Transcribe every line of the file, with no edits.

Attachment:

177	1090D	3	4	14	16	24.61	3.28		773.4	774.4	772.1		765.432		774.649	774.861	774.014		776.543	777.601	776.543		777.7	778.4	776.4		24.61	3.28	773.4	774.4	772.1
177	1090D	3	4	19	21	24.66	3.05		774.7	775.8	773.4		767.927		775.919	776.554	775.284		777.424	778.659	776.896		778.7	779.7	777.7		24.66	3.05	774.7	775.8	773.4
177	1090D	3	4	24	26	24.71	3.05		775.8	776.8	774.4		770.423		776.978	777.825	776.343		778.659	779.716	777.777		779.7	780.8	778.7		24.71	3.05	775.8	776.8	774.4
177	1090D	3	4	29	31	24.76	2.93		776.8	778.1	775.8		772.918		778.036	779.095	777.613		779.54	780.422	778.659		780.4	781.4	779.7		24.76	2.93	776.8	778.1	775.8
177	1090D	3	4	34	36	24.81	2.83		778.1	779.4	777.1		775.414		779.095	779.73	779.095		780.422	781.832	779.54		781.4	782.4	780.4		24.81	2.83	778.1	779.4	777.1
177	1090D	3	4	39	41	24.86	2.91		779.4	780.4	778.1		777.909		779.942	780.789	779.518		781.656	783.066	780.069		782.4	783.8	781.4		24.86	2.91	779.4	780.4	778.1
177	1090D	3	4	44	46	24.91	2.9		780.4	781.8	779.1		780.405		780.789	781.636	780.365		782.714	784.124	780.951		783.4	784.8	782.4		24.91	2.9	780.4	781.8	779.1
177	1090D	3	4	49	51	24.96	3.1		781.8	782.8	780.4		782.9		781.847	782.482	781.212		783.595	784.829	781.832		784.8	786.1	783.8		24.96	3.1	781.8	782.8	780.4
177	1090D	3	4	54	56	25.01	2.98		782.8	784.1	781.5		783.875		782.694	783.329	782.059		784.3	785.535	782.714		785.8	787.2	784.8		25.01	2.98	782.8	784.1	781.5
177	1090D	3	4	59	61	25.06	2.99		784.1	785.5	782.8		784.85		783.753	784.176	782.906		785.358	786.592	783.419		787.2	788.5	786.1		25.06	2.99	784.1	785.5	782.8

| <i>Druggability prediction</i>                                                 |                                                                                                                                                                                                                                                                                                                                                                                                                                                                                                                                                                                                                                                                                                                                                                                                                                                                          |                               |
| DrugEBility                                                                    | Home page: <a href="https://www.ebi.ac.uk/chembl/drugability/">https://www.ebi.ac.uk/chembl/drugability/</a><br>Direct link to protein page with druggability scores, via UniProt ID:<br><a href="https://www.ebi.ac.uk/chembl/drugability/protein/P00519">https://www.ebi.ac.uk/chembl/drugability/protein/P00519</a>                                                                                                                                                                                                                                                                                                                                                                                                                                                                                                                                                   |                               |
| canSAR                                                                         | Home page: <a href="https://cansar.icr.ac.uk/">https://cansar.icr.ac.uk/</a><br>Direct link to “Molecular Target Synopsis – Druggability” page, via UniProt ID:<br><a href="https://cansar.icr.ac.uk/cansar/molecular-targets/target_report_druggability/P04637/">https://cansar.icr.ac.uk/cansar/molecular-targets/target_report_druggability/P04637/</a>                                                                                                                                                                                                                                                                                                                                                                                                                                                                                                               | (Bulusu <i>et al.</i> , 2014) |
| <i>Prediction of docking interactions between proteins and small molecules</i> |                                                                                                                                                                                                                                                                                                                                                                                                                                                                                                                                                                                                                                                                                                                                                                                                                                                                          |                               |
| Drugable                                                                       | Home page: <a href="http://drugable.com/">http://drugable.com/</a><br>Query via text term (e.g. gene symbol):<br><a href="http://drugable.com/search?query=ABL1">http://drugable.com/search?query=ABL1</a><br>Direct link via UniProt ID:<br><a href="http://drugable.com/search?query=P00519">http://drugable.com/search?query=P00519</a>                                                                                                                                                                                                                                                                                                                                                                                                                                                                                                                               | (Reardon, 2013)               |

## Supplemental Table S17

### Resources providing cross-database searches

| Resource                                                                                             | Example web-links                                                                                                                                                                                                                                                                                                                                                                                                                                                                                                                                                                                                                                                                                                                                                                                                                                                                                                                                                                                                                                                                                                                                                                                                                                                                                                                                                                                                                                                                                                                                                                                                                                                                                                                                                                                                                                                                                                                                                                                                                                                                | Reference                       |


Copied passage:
177	1090D	3	4	14	16	24.61	3.28		773.4	774.4	772.1		765.432		774.649	774.861	774.014		776.543	777.601	776.543		777.7	778.4	776.4		24.61	3.28	773.4	774.4	772.1
177	1090D	3	4	19	21	24.66	3.05		774.7	775.8	773.4		767.927		775.919	776.554	775.284		777.424	778.659	776.896		778.7	779.7	777.7		24.66	3.05	774.7	775.8	773.4
177	1090D	3	4	24	26	24.71	3.05		775.8	776.8	774.4		770.423		776.978	777.825	776.343		778.659	779.716	777.777		779.7	780.8	778.7		24.71	3.05	775.8	776.8	774.4
177	1090D	3	4	29	31	24.76	2.93		776.8	778.1	775.8		772.918		778.036	779.095	777.613		779.54	780.422	778.659		780.4	781.4	779.7		24.76	2.93	776.8	778.1	775.8
177	1090D	3	4	34	36	24.81	2.83		778.1	779.4	777.1		775.414		779.095	779.73	779.095		780.422	781.832	779.54		781.4	782.4	780.4		24.81	2.83	778.1	779.4	777.1
177	1090D	3	4	39	41	24.86	2.91		779.4	780.4	778.1		777.909		779.942	780.789	779.518		781.656	783.066	780.069		782.4	783.8	781.4		24.86	2.91	779.4	780.4	778.1
177	1090D	3	4	44	46	24.91	2.9		780.4	781.8	779.1		780.405		780.789	781.636	780.365		782.714	784.124	780.951		783.4	784.8	782.4		24.91	2.9	780.4	781.8	779.1
177	1090D	3	4	49	51	24.96	3.1		781.8	782.8	780.4		782.9		781.847	782.482	781.212		783.595	784.829	781.832		784.8	786.1	783.8		24.96	3.1	781.8	782.8	780.4
177	1090D	3	4	54	56	25.01	2.98		782.8	784.1	781.5		783.875		782.694	783.329	782.059		784.3	785.535	782.714		785.8	787.2	784.8		25.01	2.98	782.8	784.1	781.5
177	1090D	3	4	59	61	25.06	2.99		784.1	785.5	782.8		784.85		783.753	784.176	782.906		785.358	786.592	783.419		787.2	788.5	786.1		25.06	2.99	784.1	785.5	782.8

| <i>Druggability prediction</i>                                                 |                                                                                                                                                                                                                                                                                                                                                                                                                                                                                                                                                                                                                                                                                                                                                                                                                                                                          |                               |
| DrugEBility                                                                    | Home page: <a href="https://www.ebi.ac.uk/chembl/drugability/">https://www.ebi.ac.uk/chembl/drugability/</a><br>Direct link to protein page with druggability scores, via UniProt ID:<br><a href="https://www.ebi.ac.uk/chembl/drugability/protein/P00519">https://www.ebi.ac.uk/chembl/drugability/protein/P00519</a>                                                                                                                                                                                                                                                                                                                                                                                                                                                                                                                                                   |                               |
| canSAR                                                                         | Home page: <a href="https://cansar.icr.ac.uk/">https://cansar.icr.ac.uk/</a><br>Direct link to “Molecular Target Synopsis – Druggability” page, via UniProt ID:<br><a href="https://cansar.icr.ac.uk/cansar/molecular-targets/target_report_druggability/P04637/">https://cansar.icr.ac.uk/cansar/molecular-targets/target_report_druggability/P04637/</a>                                                                                                                                                                                                                                                                                                                                                                                                                                                                                                               | (Bulusu <i>et al.</i> , 2014) |
| <i>Prediction of docking interactions between proteins and small molecules</i> |                                                                                                                                                                                                                                                                                                                                                                                                                                                                                                                                                                                                                                                                                                                                                                                                                                                                          |                               |
| Drugable                                                                       | Home page: <a href="http://drugable.com/">http://drugable.com/</a><br>Query via text term (e.g. gene symbol):<br><a href="http://drugable.com/search?query=ABL1">http://drugable.com/search?query=ABL1</a><br>Direct link via UniProt ID:<br><a href="http://drugable.com/search?query=P00519">http://drugable.com/search?query=P00519</a>                                                                                                                                                                                                                                                                                                                                                                                                                                                                                                                               | (Reardon, 2013)               |

## Supplemental Table S17

### Resources providing cross-database searches

| Resource                                                                                             | Example web-links                                                                                                                                                                                                                                                                                                                                                                                                                                                                                                                                                                                                                                                                                                                                                                                                                                                                                                                                                                                                                                                                                                                                                                                                                                                                                                                                                                                                                                                                                                                                                                                                                                                                                                                                                                                                                                                                                                                                                                                                                                                                | Reference                       |